Mosquitoes are among the biggest spreaders of blood-borne diseases such as malaria. Many Third World countries with poor medical care are in warm, relatively moist regions yielding lots of mosquitoes and little treatment for the illnesses they transmit -- a deadly combination. Malaria alone kills one million people annually.
The solution is to kill the mosquitoes, but insecticides and repellants are typically toxic, expensive, and have the possibility of not working on "super strands" which become resistant to the chemicals. Vaccines for mosquito-borne illnesses like malaria are safer, but still expensive and can only prevent certain diseases. So researchers in Seattle have turned to the decades old Star Wars program for answers for today's mosquito problem.
The Star Wars program aimed to shoot down nuclear missiles with lasers. The new program aims at a much smaller target; it seeks to kill mosquitoes en masse with deadly laser pulses. The researchers, led by Jordin Kare, an astrophysicist formerly with Lawrence Livermore National Laboratory, have created a laser that can "tag" mosquitoes with pulses of light from 100 feet away. The current laser is non-lethal, but the next version will be a lethal one -- a veritable weapon of mass mosquito destruction (WMMD).
States Kare, "We'd be delighted if we destabilize the human-mosquito balance of power."
The mosquito laser was built of parts scrounged on eBay. And it’s not the only mosquito killing superweapon. With weighty donors like Bill Gates, the United Nations, the U.K. and non-profits such as Malaria No More pouring money into anti-mosquito research, many are creating new forms of death for these pests of the skies.
Szabolcs Márka, a Columbia University researcher who usually specializes in black holes has turned his efforts on these little pests, creating a flashlight that blinds them. He says of mosquito researchers and the explosion of new funding, "You can say we are very lucky -- the right place at the right time."
A myriad of methods including microwaves, rancid odors, poisoned blood and other weapons that disrupt the sense of sight, smell and heat are being tested in labs worldwide. Some are genetically engineering bacteria to kill all mosquitoes, others are genetically engineering superior mosquitoes which are malaria resistant, which will overtake and naturally deselect their malaria-bearing brethren.
One creative Japanese researcher even wants to make mosquitoes into "flying syringes" carrying vaccines to the general public. However, the one scheme that perhaps receives the most attention is the mosquito laser, dreamed up first by Lowell Wood. Mr. Wood worked closely with Edward Teller, who helped develop the first hydrogen bomb and later dreamed up the Star Wars scheme. While the Star Wars program has yet to become a basis of our national defense, Mr. Wood believes a similar scheme can become the basis of our mosquito defense.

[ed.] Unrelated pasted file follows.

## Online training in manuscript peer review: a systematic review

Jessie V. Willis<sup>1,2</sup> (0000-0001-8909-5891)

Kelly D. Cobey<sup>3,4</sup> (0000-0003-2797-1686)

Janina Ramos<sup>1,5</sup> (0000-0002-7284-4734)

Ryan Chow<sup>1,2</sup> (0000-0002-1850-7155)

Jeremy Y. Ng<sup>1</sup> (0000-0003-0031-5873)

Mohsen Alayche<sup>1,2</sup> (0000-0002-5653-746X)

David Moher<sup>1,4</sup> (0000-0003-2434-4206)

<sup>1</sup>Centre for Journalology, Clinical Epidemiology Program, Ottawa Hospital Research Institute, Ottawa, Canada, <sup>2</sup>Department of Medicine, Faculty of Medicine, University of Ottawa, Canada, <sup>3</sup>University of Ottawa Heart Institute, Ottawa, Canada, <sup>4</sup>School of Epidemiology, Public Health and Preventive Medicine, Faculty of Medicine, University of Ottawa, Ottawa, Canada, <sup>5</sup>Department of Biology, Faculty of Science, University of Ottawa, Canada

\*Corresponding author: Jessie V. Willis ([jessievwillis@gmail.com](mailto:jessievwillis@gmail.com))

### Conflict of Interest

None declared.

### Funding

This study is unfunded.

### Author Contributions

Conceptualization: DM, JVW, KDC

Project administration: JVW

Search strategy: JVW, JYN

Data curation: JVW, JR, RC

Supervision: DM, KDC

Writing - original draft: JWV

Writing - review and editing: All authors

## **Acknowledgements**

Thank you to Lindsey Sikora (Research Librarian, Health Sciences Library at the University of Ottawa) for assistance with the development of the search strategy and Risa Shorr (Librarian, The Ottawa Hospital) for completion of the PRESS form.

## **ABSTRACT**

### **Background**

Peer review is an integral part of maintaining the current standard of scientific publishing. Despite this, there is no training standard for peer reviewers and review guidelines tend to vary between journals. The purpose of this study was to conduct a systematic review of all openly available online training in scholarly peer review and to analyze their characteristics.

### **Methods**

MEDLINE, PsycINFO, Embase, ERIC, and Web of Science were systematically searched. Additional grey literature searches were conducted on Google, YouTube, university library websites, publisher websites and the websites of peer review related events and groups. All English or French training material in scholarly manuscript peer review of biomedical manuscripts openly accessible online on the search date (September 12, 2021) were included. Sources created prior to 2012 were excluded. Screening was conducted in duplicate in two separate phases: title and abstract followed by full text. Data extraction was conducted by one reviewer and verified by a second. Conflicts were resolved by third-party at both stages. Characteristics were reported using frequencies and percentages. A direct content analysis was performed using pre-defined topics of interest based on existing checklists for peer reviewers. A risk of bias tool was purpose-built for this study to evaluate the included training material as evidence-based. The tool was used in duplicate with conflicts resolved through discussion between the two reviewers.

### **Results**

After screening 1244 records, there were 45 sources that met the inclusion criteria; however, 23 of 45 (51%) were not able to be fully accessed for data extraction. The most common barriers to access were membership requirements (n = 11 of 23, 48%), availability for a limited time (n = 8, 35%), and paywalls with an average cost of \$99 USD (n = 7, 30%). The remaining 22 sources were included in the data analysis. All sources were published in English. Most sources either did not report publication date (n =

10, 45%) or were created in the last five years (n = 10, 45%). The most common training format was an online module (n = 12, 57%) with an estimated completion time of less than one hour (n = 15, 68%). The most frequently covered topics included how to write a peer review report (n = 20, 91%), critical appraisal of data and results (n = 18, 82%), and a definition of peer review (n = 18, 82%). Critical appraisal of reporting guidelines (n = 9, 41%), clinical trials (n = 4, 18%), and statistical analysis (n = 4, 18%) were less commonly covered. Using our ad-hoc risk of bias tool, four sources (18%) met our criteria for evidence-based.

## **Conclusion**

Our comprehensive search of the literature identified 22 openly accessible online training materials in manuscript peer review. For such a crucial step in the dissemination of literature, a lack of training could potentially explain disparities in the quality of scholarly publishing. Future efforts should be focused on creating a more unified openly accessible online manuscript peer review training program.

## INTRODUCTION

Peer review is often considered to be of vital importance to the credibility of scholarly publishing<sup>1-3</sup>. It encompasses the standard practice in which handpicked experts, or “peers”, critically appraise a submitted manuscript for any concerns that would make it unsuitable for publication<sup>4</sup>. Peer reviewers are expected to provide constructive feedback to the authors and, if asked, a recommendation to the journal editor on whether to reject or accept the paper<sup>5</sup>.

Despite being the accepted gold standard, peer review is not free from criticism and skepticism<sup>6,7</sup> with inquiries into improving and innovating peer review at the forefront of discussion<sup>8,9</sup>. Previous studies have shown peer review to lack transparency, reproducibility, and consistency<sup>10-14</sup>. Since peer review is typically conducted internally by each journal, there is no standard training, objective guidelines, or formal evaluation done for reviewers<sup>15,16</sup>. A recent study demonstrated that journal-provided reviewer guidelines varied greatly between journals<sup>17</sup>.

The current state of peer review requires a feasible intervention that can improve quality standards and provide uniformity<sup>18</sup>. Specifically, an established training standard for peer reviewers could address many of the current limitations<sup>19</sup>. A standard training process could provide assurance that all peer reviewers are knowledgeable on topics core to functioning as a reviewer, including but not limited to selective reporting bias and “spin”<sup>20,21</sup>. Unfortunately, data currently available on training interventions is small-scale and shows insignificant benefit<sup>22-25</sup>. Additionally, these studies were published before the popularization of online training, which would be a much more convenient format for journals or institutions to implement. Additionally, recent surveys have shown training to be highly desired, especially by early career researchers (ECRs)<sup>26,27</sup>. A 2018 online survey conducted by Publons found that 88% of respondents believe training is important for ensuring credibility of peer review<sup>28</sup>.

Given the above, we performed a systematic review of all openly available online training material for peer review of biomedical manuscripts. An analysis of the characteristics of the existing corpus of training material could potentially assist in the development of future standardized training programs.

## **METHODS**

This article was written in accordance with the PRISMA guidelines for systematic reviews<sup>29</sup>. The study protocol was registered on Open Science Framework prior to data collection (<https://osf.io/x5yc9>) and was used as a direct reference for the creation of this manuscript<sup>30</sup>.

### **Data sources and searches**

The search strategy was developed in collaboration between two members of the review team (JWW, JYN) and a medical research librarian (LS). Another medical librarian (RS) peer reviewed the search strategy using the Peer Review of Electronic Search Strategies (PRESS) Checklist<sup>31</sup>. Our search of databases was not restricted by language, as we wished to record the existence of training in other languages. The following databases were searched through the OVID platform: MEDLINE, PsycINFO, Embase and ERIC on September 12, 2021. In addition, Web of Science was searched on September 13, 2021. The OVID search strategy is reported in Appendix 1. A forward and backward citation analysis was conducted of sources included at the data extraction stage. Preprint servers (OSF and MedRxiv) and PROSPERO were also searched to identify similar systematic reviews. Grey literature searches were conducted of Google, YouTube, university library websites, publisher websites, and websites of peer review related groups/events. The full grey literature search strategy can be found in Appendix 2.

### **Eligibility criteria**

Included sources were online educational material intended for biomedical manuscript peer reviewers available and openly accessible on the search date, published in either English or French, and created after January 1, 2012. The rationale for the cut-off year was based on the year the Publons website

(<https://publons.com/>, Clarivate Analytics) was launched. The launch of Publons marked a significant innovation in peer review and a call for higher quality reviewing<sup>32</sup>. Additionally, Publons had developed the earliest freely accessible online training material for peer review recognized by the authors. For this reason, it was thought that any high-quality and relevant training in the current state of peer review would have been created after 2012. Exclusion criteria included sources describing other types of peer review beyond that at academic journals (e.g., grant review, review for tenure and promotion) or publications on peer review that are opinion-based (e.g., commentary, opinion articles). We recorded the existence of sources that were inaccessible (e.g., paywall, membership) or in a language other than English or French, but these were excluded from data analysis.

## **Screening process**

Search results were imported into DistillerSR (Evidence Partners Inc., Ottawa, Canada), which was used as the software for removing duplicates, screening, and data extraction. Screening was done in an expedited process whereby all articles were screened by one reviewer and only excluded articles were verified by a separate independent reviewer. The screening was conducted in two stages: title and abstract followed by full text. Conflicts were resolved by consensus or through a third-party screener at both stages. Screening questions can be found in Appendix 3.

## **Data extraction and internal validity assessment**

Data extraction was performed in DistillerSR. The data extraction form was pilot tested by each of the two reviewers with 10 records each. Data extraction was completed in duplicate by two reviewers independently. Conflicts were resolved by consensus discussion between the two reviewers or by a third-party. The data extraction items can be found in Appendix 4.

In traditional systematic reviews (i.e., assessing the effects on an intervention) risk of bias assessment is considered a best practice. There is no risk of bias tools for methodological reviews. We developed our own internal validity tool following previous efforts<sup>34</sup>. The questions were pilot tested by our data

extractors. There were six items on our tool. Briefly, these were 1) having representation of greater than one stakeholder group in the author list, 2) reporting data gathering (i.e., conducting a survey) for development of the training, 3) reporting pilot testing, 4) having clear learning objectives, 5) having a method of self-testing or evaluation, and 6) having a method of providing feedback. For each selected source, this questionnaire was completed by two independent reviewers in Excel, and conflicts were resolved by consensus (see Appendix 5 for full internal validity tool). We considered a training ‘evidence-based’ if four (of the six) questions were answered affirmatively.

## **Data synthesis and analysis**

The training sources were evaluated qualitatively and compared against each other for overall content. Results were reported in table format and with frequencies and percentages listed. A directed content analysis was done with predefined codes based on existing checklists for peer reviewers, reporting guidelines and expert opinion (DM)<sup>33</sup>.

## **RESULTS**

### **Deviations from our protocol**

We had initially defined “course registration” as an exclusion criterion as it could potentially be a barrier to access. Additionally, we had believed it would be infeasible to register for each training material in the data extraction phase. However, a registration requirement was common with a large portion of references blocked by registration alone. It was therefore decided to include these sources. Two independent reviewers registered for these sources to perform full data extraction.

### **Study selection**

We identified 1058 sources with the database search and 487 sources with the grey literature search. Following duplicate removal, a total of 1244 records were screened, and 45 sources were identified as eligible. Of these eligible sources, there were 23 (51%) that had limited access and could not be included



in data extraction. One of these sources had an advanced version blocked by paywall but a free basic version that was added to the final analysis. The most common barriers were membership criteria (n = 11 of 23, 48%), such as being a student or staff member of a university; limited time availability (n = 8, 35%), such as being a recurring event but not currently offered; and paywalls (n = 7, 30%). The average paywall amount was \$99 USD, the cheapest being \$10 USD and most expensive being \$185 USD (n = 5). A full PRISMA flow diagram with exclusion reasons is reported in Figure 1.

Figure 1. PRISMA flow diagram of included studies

Nathan Myhrvold, a former Microsoft Corp. executive and owner of Intellectual Ventures LLC, has helped fund the effort with help from former boss Bill Gates. Dr. Wood has assembled a team which includes Dr. Kare, another Star Wars scientist, an entomologist with a Ph.D in mosquito behavior, and other experts.
Dr. Kare describes, "We like to think back then we made some contribution to the ending of the Cold War" with the Star Wars program. Now we're just trying to make a dent in a war that's actually gone on a lot longer and claimed a lot more lives."
Deployment schemes still have to be worked out -- laser defense perimeters surrounding villages are one possibility, while laser-equipped aerial drones are another. The power of the lasers also needs tweaking to be strong enough to kill mosquitoes, but weak enough to not kill desirable insects like endangered butterflies. States Mr. Myhrvold, "You could kill billions of mosquitoes a night, and you could do so without harming butterflies."
The current implementation uses a Dell computer as the "brains" of the mosquito killer. It uses Maglite flashlights to illuminate mosquitoes, creating silhouettes on a backdrop. A camera spots these silhouettes and blasts the mosquitoes with the laser. Colonies of anopheles stephensi, one species of mosquito that transmits malaria, are cultivated as test victims of the new weapon.
In recent testing, the device scored a number of hits, killing mosquitoes with deadly efficacy, leaving only smoldering carcasses littering the ground. The laser even distinguished, based on wing beat, blood sucking female mosquitoes and relatively innocuous male mosquitoes which feed off of sugary nectar (in the lab they're fed sweet raisins). While the females met death by laser, the males were left blissfully untouched, albeit without female companionship. Mr. Myhrvold describes, "If you really were a purist, you could only kill the females, not the males."
However, he adds that ultimately humans will probably "just slay them all."